THIS BASS SEEMED blissfully unaware it was heading for the Shaws' dinner table.

Freshwater fishing is excellent

Trip to Spider Lake provides wonderful commune with nature

For the past few weeks we have had a historic return of pink salmon to virtually all of the streams and rivers in our local watersheds. River and beach anglers have enjoyed an unexpected bonanza. The interest in these feisty little salmon has detracted many from traditional fall lake fishing. About two weeks ago I felt the need for some challenging lake fishing in Spider Lake.

With the current downpour of this week it may be a bit of a memory stretch to recall that we have just come off one of the hottest and driest summers on record. When I arrived at Spider Lake the other day, I was surprised at how low the water level was.

My timing was not bad in that I arrived on the lake the morning of the first storm we had that arrived just after noon of that day. There were a couple of canoes, one kayaker and a lone shore fisher taking advantage of the lull before the storm.

After launching my punt I rowed out to the deep waters of the main body of the lake. I know the contours of the lake about as well as I know the contours of Elaine’s raised beds in our garden – I should because I have had intimate connections to both for at least a generation. The only other serious fisher on the lake was one of the resident bald eagles, who fortunately chose to ignore my efforts.

Trout do not do well in warm water. I had reasoned that the lake was cooling enough for some action depending on my luck. My day started with two wet fly patterns – a dark green nymph pattern and maroon leach, slowly trolled on high-density sinking lines.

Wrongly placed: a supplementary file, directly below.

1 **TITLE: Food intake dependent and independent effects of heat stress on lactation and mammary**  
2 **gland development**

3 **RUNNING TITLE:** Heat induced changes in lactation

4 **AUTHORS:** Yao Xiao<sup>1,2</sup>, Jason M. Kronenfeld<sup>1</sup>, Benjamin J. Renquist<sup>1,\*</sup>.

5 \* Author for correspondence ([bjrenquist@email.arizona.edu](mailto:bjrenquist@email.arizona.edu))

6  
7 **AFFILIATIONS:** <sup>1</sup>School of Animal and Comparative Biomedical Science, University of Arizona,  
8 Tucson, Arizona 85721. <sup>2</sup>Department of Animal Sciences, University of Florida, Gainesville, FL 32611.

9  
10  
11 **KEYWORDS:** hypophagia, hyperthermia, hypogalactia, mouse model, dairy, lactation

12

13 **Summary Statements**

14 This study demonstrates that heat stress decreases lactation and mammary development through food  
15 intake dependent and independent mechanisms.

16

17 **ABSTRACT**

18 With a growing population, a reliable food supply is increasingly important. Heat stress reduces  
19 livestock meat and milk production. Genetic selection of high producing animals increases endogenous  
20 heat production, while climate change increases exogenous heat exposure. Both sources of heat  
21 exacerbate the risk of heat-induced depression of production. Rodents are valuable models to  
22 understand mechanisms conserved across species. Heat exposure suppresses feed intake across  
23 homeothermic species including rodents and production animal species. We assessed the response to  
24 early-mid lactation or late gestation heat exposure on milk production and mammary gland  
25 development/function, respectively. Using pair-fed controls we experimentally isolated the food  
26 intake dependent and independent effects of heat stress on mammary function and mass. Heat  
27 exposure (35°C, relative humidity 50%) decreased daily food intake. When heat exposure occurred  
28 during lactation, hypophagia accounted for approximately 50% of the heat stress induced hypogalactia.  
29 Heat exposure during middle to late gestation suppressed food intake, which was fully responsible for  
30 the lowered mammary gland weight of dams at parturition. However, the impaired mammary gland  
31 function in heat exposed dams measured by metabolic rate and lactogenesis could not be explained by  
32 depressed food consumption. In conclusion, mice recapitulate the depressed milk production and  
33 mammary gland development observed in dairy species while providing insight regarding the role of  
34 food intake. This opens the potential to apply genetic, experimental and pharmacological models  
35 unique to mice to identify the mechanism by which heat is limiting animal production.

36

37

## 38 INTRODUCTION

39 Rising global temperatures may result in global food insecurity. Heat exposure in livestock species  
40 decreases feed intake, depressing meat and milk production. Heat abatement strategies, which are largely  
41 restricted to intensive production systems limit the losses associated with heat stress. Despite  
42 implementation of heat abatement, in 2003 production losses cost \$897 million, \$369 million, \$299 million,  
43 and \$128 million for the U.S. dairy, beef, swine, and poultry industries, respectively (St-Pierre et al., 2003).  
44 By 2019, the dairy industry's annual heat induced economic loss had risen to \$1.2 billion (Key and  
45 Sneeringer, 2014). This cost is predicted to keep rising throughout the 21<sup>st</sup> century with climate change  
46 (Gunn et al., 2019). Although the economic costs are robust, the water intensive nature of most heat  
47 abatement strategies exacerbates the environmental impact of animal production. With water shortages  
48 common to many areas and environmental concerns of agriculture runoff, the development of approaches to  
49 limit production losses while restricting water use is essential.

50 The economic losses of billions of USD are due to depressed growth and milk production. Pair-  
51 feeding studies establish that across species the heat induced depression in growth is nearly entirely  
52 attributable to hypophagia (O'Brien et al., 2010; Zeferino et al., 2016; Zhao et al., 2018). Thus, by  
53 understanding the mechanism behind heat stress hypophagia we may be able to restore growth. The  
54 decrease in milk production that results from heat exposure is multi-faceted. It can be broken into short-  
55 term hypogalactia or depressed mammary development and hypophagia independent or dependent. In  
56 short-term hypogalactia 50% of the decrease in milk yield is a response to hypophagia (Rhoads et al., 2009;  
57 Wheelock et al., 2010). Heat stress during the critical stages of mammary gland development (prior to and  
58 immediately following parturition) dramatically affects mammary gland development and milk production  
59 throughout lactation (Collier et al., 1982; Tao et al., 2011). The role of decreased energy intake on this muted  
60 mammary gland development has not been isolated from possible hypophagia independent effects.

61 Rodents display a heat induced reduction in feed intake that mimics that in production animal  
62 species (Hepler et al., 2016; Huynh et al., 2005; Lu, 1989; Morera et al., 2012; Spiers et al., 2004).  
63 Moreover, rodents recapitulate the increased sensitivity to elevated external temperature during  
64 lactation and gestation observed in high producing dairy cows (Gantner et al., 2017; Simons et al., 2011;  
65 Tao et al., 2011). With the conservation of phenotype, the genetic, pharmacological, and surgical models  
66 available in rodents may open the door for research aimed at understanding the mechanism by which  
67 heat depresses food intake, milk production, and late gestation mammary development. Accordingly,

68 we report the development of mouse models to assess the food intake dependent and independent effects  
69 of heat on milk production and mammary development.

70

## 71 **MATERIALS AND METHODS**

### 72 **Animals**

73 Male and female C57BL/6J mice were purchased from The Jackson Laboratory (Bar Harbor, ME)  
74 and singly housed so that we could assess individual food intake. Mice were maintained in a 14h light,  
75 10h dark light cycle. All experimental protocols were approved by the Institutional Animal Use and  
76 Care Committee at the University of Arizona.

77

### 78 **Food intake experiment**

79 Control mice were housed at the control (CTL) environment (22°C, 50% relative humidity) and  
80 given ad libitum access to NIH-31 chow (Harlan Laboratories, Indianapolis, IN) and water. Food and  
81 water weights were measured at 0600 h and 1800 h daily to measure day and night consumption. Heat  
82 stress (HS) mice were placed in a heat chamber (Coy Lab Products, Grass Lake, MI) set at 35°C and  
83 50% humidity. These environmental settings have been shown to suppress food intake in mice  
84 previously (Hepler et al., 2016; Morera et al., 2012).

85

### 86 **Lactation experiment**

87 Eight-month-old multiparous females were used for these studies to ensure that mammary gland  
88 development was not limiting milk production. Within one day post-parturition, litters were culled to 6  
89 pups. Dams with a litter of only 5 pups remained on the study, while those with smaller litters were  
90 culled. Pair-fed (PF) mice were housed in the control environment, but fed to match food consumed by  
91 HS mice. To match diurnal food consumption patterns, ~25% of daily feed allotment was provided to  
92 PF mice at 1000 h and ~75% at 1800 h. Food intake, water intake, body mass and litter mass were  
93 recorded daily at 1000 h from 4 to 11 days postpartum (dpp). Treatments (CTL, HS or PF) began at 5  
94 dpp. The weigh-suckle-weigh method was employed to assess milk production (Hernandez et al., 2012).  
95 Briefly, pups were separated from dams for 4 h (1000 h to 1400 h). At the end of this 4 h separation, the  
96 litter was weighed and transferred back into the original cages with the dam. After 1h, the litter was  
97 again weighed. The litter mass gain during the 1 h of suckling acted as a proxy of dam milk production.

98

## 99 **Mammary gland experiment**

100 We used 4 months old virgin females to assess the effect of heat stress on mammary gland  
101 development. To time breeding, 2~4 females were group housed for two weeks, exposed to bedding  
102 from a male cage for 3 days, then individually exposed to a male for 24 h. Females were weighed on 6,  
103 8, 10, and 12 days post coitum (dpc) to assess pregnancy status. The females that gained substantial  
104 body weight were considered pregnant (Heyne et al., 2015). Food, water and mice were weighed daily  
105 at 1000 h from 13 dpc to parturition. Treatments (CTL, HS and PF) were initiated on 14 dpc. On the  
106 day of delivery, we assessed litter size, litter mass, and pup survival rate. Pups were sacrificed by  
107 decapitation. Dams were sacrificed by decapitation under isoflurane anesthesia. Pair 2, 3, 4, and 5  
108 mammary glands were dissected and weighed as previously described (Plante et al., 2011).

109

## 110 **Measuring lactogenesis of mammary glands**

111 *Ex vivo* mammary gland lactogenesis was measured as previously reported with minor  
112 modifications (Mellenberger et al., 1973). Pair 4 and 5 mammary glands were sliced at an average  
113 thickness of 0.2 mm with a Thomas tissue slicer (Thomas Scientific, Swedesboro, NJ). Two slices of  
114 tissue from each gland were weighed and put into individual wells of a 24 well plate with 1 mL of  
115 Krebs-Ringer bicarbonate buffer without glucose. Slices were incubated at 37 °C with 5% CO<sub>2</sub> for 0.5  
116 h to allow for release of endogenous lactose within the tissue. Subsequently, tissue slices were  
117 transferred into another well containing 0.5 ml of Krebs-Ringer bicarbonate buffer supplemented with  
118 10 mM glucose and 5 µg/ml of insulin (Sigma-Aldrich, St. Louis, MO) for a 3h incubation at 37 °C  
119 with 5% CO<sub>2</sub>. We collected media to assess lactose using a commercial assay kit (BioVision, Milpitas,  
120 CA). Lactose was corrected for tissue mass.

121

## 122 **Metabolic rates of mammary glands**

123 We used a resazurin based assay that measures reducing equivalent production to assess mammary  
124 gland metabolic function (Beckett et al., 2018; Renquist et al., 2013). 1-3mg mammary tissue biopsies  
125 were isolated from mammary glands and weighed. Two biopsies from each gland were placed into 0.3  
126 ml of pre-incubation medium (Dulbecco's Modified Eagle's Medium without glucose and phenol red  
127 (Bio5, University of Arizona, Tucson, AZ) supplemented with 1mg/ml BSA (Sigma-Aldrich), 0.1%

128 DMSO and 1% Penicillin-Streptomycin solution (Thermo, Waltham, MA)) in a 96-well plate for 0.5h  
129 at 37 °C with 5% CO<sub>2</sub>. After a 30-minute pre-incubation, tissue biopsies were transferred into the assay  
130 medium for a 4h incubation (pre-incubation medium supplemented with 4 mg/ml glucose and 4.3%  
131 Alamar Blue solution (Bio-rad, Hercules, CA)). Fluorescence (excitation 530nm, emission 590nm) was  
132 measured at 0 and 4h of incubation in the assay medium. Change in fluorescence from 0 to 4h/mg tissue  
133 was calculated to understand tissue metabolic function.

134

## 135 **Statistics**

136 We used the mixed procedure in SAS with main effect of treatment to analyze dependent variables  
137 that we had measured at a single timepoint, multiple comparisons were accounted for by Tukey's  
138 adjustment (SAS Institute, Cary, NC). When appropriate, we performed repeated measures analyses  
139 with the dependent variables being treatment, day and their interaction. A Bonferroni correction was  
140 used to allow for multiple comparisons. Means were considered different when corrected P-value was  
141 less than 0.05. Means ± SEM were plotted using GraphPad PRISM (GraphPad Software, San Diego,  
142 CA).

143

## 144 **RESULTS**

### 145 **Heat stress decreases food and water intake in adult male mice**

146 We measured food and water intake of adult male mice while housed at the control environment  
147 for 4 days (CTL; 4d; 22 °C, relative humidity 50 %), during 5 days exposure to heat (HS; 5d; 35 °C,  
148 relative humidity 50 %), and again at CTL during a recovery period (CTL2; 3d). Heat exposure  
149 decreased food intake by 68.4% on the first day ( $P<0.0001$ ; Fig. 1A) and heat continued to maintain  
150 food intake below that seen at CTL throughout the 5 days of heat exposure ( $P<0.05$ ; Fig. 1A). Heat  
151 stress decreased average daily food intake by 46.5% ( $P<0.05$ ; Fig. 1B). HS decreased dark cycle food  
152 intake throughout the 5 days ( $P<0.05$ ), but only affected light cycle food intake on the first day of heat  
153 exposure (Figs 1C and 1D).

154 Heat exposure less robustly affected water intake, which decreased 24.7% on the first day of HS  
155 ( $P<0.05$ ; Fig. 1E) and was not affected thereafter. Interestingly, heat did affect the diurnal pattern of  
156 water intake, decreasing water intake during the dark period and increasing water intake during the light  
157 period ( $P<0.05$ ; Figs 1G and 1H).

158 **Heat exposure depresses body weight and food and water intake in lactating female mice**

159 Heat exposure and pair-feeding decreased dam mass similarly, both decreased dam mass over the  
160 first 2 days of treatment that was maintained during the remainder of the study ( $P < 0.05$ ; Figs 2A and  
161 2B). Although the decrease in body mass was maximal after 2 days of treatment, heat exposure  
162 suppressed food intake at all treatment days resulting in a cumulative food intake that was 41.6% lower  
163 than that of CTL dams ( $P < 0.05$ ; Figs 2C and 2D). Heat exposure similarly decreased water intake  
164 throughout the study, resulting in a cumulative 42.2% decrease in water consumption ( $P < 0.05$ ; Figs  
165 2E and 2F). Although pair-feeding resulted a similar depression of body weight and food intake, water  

I was fishing in about 30 to 40 feet of water and got off to a quick start when a prime trout of about 15 inches hit my nymph pattern with the force of a small pink salmon. All went well, the eagle stayed in his tree and when the fish came to the net, it was carefully unhooked and released back to the lake as parting salute to Don McDermid a friend and member of the Comox Fly Fishers who had just passed away. Members of the club chose this meaningful act as our way of saying good-bye to Don. I have since talked to several members of the club who have released fish in this expression of closure. All have felt a sense of joy and elation by this symbolic gesture. It may be the beginning of a simple tradition to departed fellow anglers.

What followed for the next two hours was a lot of action from small bass ranging from five to eight inches in length. To get away from the constant action from the little bass I moved into shallower water on the east shore of the lake and anchored in about 25 feet of water.

Casting the nymph into deeper water and erratically retrieving it produced an unusual strike where the fish just simply swam towards the boat seemingly unaware it was hooked. I was surprised when I looked into the clear water and saw a respectable bass swimming beside the boat. I simple lifted it into the boat without bothering to net it. It is the small mouthed bass pictured with the column. As a side note it produced two delicious white fillets Elaine and I enjoyed for dinner that night.

While practising my casting and watching a strike indicator float I had attached to a micro-leech pattern I felt a sense of intimacy with the small lake, ducks, geese and yes the eagle. It is the sort of emotional attachment that outdoor people frequently develop with places they visit in their outdoor pursuits.

It is easy to develop this feeling for favourite places on streams, rivers, and lakes. Hunters have the same experience when they come to know certain wild places where they spend much time in quiet solitude while waiting for game to appear in their sphere of vision.

I am sure anglers and rowers that fish the Tyee Pool in Campbell River get an emotional attachment to the area. In the coming months of fall and winter we enter a period when it is easier to become attached to scared wild and watery places. Try it.

 

Ralph Shaw is a master fly fisherman who was awarded the Order of Canada in 1984 for his conservation efforts. In 20 years of writing a column in the Comox Valley Record it has won several awards.

 

 

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